So given nothing better to do, I decided to see if I could track down that poster I had always thought of as "that huge cool Roger Dean poster I gave to Joe when I went to college and he enlisted in the army."
Except it turns out not to be a Roger Dean poster at all, and I feel like I owe an apology to Rodney Matthews , who has probably been dealing with that confusion his entire career (which has been and continues to be, quite productive).
It also has a name, which is Tanelorn, the Eternal City from Michael Morcook's multiverse. I have never heard of Tanelorn before today, although of course I'd heard of Morcock and his Eternal Champion, Elric. I had good friends (the aforementioned Joe was most certainly among them) who were reading this stuff (in between D&D sessions), along with Fritz Leiber's Fafhrd and the Gray Mouser series. I never read any of it, sticking more with science fiction (Asimov, Heinlein, Clarke, Herbert), although I did get more into fantasy later (McAffrey, Zimmer Bradley, LeGuin). Of course everyone read Tolkein, then.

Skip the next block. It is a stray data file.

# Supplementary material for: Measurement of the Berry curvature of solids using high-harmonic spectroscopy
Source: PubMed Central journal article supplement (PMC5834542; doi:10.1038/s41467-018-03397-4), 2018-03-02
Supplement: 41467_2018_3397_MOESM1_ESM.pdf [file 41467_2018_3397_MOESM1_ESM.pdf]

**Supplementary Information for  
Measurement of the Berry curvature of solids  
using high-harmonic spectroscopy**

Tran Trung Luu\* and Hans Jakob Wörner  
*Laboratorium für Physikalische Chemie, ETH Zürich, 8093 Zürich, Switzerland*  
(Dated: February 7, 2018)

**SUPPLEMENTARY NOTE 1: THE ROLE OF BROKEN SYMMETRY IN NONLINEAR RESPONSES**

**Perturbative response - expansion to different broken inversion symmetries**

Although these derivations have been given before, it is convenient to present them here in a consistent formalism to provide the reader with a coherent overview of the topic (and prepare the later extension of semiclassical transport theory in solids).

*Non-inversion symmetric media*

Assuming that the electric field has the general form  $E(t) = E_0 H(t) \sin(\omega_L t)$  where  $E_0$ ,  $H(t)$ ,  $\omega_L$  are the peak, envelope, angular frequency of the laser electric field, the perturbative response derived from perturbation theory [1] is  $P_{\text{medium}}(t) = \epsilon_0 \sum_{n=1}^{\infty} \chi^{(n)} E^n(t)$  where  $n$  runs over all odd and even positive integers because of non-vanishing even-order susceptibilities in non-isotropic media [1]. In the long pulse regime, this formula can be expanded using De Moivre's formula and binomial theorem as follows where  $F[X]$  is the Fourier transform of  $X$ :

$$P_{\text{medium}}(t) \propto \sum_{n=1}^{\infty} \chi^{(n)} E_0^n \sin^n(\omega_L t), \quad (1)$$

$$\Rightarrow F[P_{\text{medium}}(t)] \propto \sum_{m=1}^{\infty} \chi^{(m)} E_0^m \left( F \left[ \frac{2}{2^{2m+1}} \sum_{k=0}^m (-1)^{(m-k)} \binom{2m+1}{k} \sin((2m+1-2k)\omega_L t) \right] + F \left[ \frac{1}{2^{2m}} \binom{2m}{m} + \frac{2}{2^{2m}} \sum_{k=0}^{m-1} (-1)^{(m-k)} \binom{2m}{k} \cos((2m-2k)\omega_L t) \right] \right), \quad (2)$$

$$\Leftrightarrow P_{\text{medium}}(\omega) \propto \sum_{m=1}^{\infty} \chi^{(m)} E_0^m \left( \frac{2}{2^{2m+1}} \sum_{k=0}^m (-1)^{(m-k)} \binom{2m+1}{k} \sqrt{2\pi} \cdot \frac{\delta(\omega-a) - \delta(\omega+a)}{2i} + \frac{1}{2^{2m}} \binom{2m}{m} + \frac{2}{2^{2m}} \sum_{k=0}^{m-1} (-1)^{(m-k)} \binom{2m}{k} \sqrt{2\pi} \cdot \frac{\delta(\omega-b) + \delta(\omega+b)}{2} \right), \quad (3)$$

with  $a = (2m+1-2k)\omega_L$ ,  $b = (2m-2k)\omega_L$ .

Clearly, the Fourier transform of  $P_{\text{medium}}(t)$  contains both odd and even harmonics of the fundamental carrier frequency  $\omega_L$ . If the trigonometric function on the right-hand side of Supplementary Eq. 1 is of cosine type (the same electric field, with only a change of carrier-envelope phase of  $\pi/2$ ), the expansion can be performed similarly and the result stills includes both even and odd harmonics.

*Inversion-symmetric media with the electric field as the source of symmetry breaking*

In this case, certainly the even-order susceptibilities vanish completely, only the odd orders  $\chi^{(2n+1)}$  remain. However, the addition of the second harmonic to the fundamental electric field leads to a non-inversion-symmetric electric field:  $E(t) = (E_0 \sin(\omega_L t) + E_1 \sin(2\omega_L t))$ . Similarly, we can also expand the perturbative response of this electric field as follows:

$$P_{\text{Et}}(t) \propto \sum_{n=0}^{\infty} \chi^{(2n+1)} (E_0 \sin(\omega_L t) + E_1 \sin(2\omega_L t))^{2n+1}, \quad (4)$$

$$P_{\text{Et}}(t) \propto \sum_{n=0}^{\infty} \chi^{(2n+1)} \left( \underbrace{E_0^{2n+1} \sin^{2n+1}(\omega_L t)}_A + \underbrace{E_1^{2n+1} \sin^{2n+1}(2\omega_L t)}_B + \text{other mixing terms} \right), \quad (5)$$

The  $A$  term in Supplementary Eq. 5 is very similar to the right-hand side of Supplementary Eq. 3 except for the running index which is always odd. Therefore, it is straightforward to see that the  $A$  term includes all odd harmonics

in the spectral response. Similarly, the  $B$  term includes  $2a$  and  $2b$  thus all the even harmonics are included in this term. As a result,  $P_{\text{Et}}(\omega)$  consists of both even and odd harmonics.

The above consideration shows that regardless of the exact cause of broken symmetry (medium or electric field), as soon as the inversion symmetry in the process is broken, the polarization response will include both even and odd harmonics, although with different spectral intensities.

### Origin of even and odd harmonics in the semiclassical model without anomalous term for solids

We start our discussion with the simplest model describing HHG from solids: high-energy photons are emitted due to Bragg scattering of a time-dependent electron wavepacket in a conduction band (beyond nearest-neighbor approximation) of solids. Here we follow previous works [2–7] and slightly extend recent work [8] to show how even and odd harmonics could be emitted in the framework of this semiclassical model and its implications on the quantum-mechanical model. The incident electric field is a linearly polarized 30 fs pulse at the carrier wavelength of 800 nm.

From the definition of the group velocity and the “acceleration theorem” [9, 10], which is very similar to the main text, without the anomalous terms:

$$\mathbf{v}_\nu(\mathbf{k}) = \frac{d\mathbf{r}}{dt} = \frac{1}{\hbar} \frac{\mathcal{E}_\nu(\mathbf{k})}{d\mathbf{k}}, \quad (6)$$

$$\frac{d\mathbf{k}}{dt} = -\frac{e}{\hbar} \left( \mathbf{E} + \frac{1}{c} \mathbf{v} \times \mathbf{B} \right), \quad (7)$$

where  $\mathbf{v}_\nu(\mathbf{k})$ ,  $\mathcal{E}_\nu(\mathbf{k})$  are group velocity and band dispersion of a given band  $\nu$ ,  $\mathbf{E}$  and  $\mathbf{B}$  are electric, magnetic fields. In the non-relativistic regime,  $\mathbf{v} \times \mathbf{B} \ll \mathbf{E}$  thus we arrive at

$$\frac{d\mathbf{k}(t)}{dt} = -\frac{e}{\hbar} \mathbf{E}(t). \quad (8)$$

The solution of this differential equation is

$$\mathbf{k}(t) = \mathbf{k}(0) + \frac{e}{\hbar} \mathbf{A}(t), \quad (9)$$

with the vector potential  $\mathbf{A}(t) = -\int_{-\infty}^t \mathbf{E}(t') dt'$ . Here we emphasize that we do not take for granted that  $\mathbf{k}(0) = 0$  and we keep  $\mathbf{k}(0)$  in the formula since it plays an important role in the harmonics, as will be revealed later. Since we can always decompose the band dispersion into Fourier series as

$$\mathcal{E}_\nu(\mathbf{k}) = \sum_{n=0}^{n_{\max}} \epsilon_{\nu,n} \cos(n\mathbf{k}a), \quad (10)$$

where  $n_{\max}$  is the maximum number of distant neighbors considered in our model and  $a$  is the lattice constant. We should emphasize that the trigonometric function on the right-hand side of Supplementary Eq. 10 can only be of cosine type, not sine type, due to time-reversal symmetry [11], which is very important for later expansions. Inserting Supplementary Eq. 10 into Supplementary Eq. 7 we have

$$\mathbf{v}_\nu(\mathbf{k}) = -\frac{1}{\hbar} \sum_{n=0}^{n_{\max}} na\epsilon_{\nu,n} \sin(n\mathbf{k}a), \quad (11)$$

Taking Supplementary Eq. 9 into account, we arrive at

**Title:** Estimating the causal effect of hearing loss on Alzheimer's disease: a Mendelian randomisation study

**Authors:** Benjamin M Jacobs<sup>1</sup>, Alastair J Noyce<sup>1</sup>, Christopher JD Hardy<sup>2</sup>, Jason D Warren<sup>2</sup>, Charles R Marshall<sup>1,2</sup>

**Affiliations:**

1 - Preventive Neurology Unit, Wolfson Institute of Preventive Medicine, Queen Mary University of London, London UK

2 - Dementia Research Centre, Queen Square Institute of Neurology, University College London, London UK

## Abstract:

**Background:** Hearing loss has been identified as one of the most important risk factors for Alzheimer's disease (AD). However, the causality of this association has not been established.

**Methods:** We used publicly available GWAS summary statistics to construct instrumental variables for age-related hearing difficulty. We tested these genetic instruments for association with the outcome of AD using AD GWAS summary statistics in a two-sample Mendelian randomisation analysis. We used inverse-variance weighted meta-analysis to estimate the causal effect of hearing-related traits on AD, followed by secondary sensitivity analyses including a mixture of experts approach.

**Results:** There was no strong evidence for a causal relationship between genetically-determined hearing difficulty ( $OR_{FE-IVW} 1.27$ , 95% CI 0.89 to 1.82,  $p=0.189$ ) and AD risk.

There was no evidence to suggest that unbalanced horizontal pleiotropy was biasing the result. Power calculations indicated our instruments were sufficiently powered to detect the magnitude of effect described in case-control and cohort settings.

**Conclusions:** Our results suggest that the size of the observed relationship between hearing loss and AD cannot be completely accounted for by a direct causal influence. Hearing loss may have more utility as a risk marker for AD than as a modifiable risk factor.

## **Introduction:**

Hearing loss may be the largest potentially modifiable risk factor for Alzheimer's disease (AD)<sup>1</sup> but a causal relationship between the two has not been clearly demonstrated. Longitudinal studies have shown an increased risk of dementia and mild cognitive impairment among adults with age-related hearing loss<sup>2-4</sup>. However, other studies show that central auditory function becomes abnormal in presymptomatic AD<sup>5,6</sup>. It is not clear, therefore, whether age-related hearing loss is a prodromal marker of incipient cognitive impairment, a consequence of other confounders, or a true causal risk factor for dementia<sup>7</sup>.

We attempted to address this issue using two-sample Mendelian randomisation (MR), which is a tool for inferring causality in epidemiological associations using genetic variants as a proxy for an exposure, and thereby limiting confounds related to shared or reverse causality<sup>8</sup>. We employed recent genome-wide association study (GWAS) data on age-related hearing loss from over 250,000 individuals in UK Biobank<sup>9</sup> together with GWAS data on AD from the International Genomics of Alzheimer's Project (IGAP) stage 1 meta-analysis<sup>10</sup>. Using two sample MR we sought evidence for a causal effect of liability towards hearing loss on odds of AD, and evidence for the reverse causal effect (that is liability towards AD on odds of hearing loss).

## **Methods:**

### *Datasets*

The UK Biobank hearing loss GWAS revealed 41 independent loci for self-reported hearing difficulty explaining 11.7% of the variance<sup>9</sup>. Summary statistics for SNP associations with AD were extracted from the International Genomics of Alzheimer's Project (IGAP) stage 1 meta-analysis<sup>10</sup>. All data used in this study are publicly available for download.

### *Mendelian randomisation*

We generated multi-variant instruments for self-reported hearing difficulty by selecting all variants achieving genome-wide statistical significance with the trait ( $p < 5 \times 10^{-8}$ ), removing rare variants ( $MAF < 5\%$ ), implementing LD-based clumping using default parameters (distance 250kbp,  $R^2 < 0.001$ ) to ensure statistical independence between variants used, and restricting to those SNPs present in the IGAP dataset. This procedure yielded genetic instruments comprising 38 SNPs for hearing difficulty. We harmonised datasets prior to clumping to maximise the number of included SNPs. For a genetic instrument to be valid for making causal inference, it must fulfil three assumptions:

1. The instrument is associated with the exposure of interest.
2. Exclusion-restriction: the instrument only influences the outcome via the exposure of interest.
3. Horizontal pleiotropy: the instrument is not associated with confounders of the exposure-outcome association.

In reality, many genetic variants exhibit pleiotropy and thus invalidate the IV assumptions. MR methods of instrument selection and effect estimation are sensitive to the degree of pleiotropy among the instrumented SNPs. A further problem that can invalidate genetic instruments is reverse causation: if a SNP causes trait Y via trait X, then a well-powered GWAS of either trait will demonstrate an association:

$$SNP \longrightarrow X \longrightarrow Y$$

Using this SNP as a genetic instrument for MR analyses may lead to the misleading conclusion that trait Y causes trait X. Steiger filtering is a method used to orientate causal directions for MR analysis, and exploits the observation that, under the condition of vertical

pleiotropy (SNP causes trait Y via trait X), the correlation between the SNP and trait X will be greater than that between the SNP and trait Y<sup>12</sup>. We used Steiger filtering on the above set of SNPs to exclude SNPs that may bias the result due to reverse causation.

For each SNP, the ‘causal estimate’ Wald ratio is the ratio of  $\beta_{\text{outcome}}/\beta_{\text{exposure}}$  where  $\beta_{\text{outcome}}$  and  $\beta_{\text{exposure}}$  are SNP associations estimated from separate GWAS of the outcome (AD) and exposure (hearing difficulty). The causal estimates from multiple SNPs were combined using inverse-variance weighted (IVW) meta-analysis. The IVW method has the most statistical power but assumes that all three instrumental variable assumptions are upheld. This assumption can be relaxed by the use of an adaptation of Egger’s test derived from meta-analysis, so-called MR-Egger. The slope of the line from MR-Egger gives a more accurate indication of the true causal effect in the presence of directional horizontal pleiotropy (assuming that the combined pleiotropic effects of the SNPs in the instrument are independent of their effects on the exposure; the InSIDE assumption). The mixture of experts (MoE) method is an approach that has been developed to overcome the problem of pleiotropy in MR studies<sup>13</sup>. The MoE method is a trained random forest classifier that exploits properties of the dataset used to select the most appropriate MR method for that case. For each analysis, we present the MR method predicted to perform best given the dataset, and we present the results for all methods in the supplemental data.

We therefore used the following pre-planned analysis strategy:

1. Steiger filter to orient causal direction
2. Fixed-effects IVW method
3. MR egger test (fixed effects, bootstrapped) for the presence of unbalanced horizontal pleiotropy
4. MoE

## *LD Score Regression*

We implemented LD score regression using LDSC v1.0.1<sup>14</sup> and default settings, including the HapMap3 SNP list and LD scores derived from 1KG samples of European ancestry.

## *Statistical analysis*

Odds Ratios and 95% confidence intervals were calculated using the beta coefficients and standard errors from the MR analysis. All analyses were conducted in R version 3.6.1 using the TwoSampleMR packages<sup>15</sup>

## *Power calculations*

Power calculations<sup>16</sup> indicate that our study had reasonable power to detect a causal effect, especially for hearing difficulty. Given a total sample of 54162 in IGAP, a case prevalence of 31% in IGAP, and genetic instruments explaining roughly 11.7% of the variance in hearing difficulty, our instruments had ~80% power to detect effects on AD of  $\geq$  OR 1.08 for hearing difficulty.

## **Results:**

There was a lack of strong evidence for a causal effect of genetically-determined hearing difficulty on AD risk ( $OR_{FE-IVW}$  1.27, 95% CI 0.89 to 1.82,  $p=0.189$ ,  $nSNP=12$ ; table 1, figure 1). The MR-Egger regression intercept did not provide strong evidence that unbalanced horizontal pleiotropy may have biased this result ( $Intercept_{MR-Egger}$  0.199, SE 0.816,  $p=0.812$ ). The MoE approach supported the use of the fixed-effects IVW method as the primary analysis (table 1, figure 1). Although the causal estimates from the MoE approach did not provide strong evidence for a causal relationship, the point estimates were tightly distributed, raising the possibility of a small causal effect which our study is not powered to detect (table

I literally wrote out and had to erase: I have no desire to read epic fantasy ever again, but then I realized I'm still curious to see how GRRM is going to untangle the multiple knotted plot threads in his massive A Song of Fire of Ice series, popularly known as Game of Thrones. I've got a bit of wait on that front, with a possible publication of volume six in 2014 and then who knows how long for the final book.
So I haven't really lost my taste for fantasy, and this image still tugs at my heart. The thing I love about it is that you can't tell whether it's a city or an impossibly huge ship, able to slip away at will -- exactly the kind of thing Tanelorn can do. Kudos, Mr. Matthews.